Johnson & Johnson announces the preparation of a COVID-19 vaccine

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Illustration by Makinsey Drake

21 U.S companies are developing treatments or vaccines for the current COVID-19 pandemic.

In the midst of a deadly public health crisis, medical device company Johnson & Johnson announced Feb. 11 that they’ve made plans to develop a vaccine and a commitment to supply 1 billion vaccines worldwide for emergency use. COVID-19 is a combination of viruses Johnson & Johnson has dealt with before

Key account specialist Kendra Royal works in the Janssen Neuroscience division of Johnson & Johnson. Royal focuses on delivering new medicines to treat brain disorders such as schizophrenia, treatment-resistant depression, and Alzheimer’s disease. 

“My division has narrowed the possible solutions to one that will undergo human clinical trials by Sept. 2020,” Royal said.

If the test trial goes well, Johnson & Johnson is ready to have 1 billion vaccines prepared between Jan. and March. The company is increasing its manufacturing capacity with a new site in the U.S. and additions to existing sites in other countries to produce and distribute the potential vaccine quickly. 

“We’ve been pursuing many different types of vaccines varied by the way the vaccine will enter the body,” Royal said. “The vaccine is being fast-tracked and is a huge investment that we are making. We may lose money from this, but we are confident we have found the right vaccine.”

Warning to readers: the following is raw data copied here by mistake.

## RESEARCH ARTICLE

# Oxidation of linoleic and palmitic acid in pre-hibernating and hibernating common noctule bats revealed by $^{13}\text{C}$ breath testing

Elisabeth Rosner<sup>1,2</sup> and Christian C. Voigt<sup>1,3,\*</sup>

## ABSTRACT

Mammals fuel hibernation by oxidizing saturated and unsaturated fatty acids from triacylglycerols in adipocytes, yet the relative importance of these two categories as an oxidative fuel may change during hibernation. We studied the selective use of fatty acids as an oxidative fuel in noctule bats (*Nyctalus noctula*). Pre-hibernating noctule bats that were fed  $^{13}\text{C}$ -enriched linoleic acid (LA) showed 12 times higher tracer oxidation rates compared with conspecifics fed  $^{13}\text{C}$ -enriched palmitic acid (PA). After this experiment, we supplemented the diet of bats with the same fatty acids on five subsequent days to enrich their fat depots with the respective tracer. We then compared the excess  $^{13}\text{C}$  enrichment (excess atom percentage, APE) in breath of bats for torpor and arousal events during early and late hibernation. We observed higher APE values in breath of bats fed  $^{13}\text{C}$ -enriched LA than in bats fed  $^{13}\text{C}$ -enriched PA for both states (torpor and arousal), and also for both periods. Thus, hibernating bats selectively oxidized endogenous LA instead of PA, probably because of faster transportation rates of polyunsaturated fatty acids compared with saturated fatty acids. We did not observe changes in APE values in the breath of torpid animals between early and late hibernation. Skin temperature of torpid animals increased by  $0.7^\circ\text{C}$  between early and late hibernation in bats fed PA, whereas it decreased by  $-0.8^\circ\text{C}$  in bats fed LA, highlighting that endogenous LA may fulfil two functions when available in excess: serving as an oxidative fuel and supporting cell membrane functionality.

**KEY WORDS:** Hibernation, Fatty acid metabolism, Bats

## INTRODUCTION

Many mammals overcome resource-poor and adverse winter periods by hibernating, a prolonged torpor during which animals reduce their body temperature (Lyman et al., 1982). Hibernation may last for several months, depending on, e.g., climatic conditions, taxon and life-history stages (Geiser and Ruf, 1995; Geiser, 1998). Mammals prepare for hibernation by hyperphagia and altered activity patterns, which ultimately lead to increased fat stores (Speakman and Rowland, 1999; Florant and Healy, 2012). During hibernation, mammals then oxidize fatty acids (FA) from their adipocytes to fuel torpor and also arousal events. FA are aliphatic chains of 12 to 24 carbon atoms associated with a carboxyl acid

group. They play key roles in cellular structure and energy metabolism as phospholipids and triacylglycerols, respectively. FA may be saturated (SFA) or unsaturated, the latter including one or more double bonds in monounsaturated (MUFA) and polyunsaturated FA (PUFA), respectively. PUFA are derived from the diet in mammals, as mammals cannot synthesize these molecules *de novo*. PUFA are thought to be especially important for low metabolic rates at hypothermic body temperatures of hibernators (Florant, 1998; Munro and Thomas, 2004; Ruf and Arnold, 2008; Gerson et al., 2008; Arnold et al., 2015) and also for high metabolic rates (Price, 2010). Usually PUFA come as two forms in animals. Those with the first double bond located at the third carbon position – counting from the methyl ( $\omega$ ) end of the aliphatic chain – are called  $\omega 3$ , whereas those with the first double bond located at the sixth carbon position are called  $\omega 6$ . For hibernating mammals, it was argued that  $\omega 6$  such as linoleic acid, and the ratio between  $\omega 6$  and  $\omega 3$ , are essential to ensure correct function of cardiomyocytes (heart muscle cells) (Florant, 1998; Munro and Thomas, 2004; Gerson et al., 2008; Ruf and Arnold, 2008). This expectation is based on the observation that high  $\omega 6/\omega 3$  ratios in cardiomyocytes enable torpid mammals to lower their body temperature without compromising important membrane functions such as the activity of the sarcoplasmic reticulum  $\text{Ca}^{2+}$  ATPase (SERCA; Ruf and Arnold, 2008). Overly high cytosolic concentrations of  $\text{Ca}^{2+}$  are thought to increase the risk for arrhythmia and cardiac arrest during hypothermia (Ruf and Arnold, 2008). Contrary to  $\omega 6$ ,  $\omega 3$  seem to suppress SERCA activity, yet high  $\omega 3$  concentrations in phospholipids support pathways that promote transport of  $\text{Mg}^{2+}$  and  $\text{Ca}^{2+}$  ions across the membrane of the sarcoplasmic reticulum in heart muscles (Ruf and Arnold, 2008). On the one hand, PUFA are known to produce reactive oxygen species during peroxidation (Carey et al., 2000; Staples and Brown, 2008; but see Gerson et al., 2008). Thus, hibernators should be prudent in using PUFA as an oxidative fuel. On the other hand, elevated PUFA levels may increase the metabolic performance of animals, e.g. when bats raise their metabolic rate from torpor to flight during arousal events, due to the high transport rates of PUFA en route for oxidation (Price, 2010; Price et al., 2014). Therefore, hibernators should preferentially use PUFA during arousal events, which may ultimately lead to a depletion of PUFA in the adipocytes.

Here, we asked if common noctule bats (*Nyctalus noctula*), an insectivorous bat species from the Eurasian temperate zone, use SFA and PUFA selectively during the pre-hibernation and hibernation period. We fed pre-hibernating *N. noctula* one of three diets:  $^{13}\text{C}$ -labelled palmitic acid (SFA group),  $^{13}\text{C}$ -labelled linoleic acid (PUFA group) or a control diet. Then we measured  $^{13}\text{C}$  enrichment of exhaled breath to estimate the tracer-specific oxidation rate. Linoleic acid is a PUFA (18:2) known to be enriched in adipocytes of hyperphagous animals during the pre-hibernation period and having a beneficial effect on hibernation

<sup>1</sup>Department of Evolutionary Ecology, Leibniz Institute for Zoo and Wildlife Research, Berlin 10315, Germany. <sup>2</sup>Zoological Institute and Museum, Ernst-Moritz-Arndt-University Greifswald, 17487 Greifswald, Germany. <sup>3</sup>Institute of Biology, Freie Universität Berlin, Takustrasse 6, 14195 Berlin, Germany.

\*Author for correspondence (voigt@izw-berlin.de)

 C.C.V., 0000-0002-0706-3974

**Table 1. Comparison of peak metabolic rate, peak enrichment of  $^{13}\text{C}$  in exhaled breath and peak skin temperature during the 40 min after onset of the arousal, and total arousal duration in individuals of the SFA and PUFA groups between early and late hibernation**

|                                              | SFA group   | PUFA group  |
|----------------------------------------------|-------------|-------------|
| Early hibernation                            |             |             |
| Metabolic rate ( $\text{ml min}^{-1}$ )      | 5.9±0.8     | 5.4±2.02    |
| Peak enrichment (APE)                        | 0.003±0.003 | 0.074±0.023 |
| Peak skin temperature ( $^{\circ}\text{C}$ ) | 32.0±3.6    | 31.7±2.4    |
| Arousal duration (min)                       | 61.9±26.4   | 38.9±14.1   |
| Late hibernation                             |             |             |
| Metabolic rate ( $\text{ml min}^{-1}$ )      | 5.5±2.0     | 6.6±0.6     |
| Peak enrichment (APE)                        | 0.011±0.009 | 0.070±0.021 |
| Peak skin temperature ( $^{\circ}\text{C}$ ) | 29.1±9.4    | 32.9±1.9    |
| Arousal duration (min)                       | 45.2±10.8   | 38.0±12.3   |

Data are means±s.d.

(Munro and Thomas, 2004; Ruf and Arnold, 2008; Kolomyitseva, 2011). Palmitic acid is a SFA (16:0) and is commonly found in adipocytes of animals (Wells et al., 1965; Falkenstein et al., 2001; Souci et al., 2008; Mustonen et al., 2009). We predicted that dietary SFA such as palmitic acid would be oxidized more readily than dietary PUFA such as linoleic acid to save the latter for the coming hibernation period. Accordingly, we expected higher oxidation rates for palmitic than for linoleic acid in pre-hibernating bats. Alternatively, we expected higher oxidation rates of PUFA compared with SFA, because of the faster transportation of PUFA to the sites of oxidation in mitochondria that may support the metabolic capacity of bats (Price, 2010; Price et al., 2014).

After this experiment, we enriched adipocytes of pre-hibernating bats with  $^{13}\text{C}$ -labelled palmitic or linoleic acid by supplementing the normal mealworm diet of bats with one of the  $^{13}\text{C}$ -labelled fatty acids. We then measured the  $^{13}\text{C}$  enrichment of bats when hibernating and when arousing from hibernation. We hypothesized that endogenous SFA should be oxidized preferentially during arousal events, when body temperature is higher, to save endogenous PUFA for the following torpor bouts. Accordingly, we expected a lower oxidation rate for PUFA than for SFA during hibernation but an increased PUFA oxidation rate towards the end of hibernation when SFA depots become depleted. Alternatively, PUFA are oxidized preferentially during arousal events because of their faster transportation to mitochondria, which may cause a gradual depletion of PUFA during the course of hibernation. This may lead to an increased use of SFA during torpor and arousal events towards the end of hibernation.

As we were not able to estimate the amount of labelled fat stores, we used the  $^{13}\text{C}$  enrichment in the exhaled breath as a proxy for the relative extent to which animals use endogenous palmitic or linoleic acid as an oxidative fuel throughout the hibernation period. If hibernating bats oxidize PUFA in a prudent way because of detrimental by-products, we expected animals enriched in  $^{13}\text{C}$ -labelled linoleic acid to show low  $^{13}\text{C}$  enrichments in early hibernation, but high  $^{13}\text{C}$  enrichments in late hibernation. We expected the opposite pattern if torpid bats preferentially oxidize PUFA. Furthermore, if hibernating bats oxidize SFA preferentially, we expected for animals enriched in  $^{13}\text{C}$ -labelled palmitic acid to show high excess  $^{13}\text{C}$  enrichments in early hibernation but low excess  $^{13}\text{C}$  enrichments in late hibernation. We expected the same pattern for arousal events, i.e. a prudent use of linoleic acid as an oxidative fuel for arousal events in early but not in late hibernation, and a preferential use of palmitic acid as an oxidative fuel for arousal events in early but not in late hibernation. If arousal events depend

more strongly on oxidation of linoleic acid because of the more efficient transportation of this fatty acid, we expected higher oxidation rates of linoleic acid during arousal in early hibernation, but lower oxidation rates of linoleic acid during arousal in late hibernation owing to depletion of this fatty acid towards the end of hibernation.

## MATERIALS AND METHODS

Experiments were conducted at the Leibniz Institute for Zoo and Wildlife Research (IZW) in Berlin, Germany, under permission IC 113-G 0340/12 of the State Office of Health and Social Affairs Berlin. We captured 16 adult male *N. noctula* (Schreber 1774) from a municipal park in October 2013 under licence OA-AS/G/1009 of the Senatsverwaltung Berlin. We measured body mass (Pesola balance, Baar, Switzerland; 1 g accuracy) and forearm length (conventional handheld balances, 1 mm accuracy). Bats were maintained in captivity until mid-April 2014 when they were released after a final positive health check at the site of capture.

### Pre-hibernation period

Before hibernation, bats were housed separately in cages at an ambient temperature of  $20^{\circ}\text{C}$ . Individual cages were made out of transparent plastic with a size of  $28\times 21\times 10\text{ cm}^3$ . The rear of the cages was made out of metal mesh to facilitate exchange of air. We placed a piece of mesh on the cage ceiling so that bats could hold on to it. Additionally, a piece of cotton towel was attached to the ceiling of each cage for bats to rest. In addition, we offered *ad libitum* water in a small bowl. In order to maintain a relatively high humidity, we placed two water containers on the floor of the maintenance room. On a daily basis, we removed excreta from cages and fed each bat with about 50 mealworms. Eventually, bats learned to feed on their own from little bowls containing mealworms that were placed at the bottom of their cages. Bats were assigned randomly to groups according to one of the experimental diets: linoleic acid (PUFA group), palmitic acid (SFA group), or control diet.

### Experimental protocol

Johnson & Johnson worked with various corporations to combat the Ebola epidemic. Within six months they went from a vaccine in the lab, to a vaccine in the clinic and made it accessible for emergency situations. They plan to follow a similar trajectory for COVID-19. Similar to the Ebola vaccine, this one will be available nonprofit. 

“It won’t be free, but we are not going to raise the price to make money on it. We’re going to break even,” Royal said. “Our credo [statement of beliefs] serves as a guide to decision-making and integrity in the business. [It] states that our first responsibility is to society and patients with illnesses. Then to family members, the community as a whole, doctors and nurses, and employees and shareholders.”

While it’s possible that by reaching a point of containment the pandemic could end, a vaccine is necessary to ensure the virus does not come back, a possibility. Mark Drake, General Surgeon at Mercy Hospital believes that the release of this vaccine will promote comfort in society.

“Once the vaccine is released, it will provide a sense of security, knowing that it is something that can now be prevented. If people act responsibly and get vaccinated, it would alleviate [the fears] and the catastrophic ramifications of the pandemic,” Drake said.

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Drake believes this will prompt changes to the scientific community for preventing and dealing with future viruses. 

“We need pandemic preparedness, diagnostic networks learning very quickly what new viruses have emerged and vaccine platforms ready to work against these viruses,” Drake said.

Missouri’s stay-at-home order is set to expire May 4. Medical Science teacher Amy Cohen believes that as our daily lives begin to reach a degree of normalcy, certain aspects of our current behavior will remain the same, while society will remain undoubtedly changed.

“I think some actions we are doing now will stay for a while, such as not shaking hands, washing hands a lot, and wanting to support local businesses. We are seeing the environmental impact of people not commuting/traveling as much which is actually helping the planet. It’d be great if as we resume our ‘normal’ lives we continue to do things that reduce air pollution,” Cohen said.